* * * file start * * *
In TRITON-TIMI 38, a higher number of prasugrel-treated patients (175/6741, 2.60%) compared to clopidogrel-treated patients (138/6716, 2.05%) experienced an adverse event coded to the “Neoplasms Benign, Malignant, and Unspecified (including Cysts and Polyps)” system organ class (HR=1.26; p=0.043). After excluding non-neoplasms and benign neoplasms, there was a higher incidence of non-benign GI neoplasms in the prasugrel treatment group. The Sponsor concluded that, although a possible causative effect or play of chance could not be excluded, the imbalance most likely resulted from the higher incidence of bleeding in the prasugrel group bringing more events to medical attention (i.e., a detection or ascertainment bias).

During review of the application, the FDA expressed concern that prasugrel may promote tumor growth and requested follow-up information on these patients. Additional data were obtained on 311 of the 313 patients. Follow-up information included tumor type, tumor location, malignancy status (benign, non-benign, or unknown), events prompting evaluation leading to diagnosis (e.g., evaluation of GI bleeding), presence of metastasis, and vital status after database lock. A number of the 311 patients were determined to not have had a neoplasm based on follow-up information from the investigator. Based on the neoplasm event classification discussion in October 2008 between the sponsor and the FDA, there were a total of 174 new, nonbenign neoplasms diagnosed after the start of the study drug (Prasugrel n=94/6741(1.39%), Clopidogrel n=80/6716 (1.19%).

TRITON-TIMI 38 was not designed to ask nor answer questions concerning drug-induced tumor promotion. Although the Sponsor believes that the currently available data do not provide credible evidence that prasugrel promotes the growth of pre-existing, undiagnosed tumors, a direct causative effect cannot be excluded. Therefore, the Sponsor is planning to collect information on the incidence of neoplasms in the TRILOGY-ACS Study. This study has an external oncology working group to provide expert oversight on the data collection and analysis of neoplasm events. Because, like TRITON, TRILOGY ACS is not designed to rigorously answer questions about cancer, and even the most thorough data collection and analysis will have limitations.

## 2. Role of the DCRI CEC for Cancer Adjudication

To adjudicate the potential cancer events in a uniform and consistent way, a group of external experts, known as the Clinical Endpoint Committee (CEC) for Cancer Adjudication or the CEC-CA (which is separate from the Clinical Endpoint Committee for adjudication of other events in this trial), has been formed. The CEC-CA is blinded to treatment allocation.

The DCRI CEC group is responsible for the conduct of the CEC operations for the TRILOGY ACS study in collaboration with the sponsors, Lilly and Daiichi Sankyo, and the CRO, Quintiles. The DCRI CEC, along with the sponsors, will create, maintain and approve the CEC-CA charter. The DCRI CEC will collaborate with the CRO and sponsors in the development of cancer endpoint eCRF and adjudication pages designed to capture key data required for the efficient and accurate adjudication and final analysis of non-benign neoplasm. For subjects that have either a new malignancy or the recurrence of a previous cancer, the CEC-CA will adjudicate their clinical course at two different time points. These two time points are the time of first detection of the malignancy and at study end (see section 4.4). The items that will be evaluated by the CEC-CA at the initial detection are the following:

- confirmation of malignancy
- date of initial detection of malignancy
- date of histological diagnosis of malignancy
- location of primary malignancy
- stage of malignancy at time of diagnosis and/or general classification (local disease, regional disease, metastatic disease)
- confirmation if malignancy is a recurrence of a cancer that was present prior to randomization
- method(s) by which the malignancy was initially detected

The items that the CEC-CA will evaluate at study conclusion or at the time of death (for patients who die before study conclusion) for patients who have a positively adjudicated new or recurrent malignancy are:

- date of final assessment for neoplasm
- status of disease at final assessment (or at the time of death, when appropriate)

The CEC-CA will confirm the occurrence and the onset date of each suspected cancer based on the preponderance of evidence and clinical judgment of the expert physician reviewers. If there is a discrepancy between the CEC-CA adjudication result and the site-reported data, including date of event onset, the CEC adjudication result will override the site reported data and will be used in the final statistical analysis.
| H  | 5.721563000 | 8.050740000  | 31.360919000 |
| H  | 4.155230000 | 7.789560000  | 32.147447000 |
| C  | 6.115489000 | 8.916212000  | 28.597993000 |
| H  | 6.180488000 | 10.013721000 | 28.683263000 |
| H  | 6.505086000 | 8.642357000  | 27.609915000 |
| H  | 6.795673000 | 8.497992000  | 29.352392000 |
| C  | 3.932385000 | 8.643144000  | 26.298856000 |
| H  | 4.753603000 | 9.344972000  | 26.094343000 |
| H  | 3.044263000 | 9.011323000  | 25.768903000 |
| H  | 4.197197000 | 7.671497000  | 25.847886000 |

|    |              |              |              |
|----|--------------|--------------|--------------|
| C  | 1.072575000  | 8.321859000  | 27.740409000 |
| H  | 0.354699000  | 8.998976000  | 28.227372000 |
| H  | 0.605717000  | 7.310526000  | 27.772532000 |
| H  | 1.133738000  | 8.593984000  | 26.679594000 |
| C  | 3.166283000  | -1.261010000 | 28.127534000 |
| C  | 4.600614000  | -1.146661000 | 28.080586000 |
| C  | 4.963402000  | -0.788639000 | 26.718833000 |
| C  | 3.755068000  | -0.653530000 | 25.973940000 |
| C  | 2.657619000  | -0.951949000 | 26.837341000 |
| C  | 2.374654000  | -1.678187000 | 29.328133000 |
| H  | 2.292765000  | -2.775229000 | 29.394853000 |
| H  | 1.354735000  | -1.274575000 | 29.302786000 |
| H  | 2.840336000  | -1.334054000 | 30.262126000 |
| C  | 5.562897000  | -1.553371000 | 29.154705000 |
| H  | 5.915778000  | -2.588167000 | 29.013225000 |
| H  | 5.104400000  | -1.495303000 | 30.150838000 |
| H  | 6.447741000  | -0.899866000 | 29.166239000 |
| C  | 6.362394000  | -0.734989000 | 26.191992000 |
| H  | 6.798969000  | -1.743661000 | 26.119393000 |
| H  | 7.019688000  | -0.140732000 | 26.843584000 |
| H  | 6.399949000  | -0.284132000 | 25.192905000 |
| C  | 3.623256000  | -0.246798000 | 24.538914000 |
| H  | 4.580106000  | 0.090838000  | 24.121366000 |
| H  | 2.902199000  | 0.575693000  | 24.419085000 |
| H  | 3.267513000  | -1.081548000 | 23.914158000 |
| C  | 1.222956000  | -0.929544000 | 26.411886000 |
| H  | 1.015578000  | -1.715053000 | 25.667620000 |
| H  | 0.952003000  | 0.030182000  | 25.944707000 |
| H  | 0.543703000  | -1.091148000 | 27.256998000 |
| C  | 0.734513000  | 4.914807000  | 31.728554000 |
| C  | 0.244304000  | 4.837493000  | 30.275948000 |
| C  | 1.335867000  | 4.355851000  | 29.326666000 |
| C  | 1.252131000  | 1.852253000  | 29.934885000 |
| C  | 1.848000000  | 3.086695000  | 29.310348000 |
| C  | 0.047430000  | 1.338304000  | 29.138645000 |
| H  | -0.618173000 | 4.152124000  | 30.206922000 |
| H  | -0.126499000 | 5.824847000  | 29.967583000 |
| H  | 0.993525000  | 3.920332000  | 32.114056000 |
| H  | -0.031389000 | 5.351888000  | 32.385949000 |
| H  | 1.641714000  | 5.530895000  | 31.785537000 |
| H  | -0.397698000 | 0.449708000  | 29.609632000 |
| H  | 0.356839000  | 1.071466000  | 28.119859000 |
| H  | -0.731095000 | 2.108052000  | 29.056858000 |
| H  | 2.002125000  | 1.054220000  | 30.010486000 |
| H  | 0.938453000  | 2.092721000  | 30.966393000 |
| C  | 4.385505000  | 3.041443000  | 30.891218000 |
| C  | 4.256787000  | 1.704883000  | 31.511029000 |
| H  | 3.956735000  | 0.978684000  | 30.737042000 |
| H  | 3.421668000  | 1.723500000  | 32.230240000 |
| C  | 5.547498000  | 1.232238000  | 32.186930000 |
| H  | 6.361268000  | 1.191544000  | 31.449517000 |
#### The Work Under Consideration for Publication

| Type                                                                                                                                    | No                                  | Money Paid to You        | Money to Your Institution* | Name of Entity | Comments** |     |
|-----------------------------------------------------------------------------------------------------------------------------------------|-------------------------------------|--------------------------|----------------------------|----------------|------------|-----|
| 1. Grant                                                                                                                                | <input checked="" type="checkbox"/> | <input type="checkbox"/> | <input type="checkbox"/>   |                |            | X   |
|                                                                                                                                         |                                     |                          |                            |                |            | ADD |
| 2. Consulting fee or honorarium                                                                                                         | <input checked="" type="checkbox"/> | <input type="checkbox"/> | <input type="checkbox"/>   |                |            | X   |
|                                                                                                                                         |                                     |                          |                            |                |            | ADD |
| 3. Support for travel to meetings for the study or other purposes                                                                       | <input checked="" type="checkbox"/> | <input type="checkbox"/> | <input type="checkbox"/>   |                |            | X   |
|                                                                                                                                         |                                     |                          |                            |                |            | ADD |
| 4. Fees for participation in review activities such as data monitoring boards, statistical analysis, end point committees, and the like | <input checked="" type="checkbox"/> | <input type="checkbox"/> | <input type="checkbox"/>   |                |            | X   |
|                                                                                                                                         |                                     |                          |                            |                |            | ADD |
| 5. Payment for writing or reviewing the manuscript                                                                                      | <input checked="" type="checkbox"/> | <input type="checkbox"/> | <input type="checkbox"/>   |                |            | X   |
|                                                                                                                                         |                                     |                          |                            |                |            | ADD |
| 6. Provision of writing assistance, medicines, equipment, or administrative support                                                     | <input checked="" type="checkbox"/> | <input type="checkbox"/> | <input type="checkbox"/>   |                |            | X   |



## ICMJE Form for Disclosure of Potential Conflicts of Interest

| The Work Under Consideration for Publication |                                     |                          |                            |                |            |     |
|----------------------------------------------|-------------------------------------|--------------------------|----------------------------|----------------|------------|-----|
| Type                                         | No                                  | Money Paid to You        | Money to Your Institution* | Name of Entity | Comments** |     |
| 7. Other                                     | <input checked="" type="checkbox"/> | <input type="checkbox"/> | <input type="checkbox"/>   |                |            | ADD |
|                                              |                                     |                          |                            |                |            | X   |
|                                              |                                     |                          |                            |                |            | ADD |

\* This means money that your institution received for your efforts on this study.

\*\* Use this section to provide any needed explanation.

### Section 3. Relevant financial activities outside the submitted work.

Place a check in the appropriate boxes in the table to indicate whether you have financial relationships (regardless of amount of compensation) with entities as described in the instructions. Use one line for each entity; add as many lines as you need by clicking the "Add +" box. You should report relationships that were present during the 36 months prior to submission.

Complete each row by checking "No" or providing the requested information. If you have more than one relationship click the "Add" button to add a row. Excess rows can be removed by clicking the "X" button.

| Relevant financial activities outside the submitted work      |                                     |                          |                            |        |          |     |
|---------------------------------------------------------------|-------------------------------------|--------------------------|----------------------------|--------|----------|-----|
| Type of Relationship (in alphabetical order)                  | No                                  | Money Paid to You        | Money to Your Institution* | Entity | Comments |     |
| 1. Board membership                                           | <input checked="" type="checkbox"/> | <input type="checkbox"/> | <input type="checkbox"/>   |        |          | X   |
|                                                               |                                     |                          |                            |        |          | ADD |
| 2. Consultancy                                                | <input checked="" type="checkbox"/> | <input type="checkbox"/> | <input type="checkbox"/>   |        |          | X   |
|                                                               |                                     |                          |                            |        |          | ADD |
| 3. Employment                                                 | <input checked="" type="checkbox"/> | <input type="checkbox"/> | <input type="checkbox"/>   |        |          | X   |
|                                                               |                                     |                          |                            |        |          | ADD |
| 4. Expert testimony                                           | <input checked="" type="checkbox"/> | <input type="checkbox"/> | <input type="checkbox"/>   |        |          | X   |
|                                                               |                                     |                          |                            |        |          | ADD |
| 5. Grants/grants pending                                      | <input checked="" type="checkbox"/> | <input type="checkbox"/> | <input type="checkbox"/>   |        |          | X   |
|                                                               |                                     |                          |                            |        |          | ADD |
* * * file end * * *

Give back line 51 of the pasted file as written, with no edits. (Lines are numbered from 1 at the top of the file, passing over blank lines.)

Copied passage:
| C  | 3.623256000  | -0.246798000 | 24.538914000 |